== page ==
“Really?” He said with concern. “Sorry.”
“No need to apologize,” We told him. “Just keep breathing deep. Everything will be alright.”
I looked up and saw a Skyline worker cleaning our mess. I apologized. He said don’t worry about it, then asked if we were okay. I told him we were fine, and that Alex just needed some fresh air. I assured the kind man I would be in soon to pay our bill. I then told Alex I need to go inside, and started to pull away from cradling his head. Alex clutched tightly.
“No, hold me, Dad! Don’t leave me.” I obliged without hesitation as any parent would.
“Hey, we’re never going to leave you, Bud!” Alex pushed his head deeper into my arms.
“Why did that happen?” he asked quietly while staring at the ground.
“I don’t know. Perhaps I didn’t give you enough water. Perhaps it was the pasta. Perhaps…”
“Am I dying? Will I make it home? I am not ready to die.”
Zach and I did our best to calm him. But, inside my head, I cursed Duchenne. Seriously. Cursed. It. I’ve said it before, and I’ll say it again. No kid should EVER think about dying. No kid should ever worry about death. I realize Duchenne has unique challenges and the odds are completely stacked against us. But, dammit, make it stop already!
“No, Bud. You are not dying. You have a whole life in front of you. You just fainted, but you’re doing much better now. You’ll be fine.”
“Yeah, you’ll be fine, Alex,” Zach added with growing confidence that everything was okay.
Alex calmed down and breathed deep. His skin color returned to normal. He began to feel like himself again. He also connected the dots. He knew his fainting was likely related to Duchenne. He calmly and deliberately shared his heart. You could practically feel his emotional pain.
“Dad, I am SO tired of this disease. I just want it to go away. I just want it to be over.”
“I know, Bud. I know. Me, too.”
What more can you say?
Alex’s doctors always put on a happy face and spin to the positive. They always do their best to keep spirits up. They must, understandably. But, if you look close, you can see what they see. It’s not pretty. Those in the advanced years of Duchenne will offer support. But they, too, know the road ahead only gets rockier. They experience it every day. Although therapies and wisdoms prepare you for hardships to come, NOTHING prepares you for the hardships that do. Having been through a few of them, all I can say is those moments are best handled through your heart and with a deep sigh. With Duchenne, you take each day as it comes, however blunt, and do your best to keep moving forward. You learn to support one another and carry on with love in your heart because, in the end, that’s all that matters.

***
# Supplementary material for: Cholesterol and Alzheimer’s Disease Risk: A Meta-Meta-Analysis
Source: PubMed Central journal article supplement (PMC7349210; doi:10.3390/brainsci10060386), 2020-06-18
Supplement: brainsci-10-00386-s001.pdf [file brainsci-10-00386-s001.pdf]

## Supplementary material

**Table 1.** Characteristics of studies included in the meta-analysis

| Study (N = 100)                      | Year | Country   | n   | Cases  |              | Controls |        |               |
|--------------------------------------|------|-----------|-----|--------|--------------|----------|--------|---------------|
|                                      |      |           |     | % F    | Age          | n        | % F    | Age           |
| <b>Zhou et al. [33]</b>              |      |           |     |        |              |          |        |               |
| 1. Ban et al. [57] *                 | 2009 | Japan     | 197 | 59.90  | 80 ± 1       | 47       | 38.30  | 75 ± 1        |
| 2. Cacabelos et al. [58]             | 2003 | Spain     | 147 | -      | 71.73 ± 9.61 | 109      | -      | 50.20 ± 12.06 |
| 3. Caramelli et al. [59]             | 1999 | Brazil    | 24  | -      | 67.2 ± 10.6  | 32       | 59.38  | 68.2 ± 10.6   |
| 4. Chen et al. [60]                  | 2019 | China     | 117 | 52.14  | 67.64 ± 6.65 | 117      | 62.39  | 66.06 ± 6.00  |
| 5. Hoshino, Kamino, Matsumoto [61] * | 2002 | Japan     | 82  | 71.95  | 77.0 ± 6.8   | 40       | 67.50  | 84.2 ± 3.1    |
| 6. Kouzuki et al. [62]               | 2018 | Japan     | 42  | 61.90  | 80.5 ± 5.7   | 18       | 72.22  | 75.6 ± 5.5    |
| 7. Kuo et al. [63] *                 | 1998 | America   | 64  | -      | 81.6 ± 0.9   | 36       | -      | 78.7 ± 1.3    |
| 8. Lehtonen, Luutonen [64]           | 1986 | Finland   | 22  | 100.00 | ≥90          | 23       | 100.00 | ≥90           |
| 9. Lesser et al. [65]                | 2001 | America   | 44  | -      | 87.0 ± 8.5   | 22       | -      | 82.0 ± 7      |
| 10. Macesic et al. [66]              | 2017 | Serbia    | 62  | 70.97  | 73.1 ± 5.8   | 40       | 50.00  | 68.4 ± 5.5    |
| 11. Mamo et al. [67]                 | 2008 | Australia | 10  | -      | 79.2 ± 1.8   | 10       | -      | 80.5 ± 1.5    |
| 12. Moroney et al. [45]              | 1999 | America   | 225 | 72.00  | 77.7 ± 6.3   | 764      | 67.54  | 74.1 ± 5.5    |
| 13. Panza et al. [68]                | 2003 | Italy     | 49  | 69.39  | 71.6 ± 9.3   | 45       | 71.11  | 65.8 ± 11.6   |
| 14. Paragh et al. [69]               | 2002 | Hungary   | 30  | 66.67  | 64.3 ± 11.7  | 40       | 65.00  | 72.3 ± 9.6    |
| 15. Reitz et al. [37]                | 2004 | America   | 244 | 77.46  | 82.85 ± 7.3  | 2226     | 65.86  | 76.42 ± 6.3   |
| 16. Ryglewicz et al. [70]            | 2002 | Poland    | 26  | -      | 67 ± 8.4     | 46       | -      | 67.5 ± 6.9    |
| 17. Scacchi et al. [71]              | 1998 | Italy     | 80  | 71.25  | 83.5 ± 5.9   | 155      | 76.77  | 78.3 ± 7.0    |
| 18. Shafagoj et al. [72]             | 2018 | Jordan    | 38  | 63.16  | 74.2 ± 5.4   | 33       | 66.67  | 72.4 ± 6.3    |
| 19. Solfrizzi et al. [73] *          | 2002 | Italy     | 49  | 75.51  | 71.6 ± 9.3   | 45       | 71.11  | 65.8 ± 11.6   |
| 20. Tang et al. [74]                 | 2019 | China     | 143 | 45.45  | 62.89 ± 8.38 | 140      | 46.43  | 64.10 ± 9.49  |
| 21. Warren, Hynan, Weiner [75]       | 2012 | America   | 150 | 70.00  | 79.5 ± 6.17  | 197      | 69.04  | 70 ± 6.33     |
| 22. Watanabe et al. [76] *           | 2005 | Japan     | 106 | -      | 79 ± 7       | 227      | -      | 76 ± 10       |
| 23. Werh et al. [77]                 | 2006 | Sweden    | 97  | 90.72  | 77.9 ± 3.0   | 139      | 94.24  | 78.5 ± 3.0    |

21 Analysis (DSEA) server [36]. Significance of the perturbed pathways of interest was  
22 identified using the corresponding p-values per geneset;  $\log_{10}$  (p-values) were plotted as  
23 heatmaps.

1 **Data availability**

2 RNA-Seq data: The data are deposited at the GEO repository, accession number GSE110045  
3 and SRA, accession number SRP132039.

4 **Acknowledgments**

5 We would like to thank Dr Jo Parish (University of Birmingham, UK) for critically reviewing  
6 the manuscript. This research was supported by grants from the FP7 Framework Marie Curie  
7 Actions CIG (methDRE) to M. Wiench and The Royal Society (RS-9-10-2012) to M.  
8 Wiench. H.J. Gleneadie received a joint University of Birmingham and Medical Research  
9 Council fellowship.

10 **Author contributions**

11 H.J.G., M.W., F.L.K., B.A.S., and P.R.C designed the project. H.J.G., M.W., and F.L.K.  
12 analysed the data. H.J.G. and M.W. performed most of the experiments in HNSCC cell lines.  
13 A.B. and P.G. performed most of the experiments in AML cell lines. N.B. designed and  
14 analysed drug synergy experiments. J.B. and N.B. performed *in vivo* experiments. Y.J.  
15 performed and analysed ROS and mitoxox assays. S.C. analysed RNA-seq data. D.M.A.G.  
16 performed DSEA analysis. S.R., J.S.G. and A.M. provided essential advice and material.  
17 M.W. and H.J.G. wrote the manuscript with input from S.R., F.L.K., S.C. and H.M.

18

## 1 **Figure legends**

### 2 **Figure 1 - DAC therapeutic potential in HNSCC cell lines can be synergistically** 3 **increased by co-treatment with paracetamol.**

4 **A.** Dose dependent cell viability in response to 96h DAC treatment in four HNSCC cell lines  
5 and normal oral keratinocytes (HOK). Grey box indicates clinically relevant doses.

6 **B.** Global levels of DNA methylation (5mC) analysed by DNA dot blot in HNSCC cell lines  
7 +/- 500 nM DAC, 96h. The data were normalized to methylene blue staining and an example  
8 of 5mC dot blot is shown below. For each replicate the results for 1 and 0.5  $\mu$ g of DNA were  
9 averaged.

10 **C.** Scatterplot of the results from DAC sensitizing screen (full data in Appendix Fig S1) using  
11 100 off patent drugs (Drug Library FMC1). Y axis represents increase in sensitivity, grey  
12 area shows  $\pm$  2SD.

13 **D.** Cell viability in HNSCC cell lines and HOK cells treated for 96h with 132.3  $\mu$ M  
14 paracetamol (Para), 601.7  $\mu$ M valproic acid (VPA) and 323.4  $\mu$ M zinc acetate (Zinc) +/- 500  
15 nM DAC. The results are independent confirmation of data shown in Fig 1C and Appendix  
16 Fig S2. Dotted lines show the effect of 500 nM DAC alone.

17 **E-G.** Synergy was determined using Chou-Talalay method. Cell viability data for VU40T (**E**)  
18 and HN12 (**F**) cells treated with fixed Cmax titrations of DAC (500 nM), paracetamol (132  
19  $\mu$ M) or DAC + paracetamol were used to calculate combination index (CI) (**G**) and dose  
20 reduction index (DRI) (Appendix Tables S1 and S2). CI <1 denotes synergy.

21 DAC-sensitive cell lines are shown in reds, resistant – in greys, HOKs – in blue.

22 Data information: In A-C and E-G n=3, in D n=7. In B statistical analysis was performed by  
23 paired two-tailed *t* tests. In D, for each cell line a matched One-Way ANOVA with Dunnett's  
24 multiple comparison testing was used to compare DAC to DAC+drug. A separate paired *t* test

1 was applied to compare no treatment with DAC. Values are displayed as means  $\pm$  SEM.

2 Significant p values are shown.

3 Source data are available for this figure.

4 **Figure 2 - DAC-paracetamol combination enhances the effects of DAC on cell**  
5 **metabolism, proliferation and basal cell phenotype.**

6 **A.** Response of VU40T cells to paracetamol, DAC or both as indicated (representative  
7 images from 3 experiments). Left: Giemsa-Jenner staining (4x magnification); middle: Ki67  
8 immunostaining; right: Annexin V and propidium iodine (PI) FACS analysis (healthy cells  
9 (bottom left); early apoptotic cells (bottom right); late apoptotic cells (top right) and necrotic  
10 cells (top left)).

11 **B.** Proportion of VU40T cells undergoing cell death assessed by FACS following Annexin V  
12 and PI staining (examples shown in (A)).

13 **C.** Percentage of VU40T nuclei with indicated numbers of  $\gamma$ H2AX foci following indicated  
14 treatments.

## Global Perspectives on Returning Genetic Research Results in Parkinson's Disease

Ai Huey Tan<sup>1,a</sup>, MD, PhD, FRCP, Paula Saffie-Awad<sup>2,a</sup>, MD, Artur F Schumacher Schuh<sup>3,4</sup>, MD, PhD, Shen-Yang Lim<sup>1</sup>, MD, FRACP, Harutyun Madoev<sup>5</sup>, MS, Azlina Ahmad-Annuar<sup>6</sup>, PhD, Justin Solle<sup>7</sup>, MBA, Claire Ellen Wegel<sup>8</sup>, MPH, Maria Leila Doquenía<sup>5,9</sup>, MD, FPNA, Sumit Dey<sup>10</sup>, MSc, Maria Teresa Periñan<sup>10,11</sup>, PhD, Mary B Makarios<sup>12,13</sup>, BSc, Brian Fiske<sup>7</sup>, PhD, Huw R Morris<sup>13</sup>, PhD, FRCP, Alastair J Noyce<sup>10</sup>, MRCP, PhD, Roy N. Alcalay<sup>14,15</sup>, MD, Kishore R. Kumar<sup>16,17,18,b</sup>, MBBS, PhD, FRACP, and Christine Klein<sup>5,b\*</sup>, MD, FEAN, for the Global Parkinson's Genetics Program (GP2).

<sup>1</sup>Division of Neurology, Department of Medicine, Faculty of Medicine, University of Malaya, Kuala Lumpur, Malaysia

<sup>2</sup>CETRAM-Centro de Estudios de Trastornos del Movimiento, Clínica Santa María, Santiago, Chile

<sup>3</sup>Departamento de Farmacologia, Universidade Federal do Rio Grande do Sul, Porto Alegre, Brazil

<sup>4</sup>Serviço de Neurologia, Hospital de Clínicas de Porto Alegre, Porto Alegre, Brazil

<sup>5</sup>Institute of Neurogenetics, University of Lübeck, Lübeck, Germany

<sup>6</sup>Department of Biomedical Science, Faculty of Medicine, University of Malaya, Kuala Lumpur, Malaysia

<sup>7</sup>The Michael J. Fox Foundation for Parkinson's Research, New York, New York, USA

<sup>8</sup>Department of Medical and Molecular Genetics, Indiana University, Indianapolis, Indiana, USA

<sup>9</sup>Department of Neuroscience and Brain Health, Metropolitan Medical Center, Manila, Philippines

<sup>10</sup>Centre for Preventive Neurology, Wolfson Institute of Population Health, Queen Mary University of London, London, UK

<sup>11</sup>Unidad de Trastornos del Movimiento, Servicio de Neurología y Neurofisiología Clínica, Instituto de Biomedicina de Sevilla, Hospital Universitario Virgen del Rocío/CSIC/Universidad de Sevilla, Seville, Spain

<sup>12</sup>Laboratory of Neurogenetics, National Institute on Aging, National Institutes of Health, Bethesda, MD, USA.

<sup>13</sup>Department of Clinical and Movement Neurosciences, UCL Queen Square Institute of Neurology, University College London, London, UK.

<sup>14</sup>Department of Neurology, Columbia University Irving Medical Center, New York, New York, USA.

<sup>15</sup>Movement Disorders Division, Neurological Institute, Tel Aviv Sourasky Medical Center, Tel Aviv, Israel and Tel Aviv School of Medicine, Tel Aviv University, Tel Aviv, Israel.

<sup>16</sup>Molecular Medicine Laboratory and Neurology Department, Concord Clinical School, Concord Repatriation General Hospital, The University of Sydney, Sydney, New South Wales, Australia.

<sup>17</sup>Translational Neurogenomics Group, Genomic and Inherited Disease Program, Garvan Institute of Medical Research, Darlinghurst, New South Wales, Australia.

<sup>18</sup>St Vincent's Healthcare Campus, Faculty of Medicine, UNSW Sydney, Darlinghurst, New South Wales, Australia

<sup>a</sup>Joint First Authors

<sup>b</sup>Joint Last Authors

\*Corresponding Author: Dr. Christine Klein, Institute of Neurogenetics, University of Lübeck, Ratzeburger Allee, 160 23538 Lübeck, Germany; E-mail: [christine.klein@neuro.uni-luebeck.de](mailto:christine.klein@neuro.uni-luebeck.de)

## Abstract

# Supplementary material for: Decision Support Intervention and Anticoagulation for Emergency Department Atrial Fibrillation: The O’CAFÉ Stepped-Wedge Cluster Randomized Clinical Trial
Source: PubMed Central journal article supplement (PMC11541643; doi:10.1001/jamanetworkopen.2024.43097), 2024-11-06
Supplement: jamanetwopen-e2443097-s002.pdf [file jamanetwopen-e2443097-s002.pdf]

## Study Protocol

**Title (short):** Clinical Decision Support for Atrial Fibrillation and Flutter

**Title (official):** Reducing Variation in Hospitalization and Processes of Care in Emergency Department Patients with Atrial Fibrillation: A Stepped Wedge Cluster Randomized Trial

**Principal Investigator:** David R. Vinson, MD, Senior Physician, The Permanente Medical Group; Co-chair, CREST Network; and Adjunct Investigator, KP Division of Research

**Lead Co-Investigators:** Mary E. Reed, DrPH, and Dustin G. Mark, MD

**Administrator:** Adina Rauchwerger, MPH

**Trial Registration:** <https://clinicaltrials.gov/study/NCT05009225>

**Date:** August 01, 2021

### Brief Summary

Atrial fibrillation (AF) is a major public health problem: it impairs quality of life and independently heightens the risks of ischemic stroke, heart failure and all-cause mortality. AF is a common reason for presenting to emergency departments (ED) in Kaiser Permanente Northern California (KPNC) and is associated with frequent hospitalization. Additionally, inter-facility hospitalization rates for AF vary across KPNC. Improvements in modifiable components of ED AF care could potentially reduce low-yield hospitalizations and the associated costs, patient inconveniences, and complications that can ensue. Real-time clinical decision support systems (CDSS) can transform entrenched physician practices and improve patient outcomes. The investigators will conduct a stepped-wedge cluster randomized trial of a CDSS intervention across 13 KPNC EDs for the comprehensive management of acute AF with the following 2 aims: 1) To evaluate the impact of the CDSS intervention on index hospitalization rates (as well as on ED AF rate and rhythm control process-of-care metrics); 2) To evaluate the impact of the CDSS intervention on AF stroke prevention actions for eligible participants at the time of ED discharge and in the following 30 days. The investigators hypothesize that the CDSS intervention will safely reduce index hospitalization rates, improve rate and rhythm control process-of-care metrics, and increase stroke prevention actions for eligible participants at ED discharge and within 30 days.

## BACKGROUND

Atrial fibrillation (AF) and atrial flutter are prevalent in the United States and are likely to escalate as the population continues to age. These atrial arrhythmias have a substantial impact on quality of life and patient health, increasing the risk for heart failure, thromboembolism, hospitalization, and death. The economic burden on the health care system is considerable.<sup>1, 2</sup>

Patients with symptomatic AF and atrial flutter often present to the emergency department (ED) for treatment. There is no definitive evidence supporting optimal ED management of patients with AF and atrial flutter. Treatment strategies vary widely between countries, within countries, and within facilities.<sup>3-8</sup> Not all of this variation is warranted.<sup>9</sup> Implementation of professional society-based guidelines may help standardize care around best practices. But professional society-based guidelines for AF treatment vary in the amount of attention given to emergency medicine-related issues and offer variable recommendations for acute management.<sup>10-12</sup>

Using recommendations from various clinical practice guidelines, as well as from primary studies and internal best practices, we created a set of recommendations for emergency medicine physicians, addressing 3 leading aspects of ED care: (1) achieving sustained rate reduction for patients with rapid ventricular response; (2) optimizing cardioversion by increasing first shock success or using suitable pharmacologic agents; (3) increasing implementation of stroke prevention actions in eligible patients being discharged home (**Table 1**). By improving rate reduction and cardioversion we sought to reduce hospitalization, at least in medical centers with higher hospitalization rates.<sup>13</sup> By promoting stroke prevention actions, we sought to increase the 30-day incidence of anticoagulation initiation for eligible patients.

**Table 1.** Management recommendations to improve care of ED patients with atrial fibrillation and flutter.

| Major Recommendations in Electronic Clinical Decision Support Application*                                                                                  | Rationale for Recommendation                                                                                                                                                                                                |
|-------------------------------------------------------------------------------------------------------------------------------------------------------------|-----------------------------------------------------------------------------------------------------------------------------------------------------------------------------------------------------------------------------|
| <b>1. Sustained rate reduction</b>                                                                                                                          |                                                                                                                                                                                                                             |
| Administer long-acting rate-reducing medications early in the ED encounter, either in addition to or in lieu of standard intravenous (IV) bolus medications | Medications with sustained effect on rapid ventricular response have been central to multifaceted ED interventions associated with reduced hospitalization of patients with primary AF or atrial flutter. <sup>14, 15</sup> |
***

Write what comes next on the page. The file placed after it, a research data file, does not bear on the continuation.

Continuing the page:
You can also find the good in all this. Because, even during Duchenne’s darker moments, life’s beauty rises visible and strengthening, if only for a short while. It’s these moments that keep me going along our journey. And last Saturday night, after this frightening episode, I witnessed perhaps one of the most tender scenes in Duchenne I have ever known. It went like this.
When I finally convinced Alex we really did need to pay our bill, he reluctantly lifted away from my side and let go of my hand. Alex then opened his hand towards his best friend.
“I know it’s probably weird, but will you hold my hand?” he asked. There, in the cold night on the Skyline front sidewalk, Zach reached down and gripped Alex’s hand without hesitation.
"You bet," Zach replied.
“Thanks,” Alex said from his heart. Zach simply nodded as good friends do.
I marveled at the scene, choked back some tears, and then walked inside smiling.
As I paid our bill at the cashier, I looked through the window to check on the young men. Zach stood by his friend as Alex leaned close. I appreciated the support. But, when Zach placed his other hand around Alex’s shoulder, well...it filled my heart.
This journey with Duchenne is and will be difficult. The road is and will be rocky. But, with support from friends like Zach, it’s bearable...
…and beautiful. when you need it most.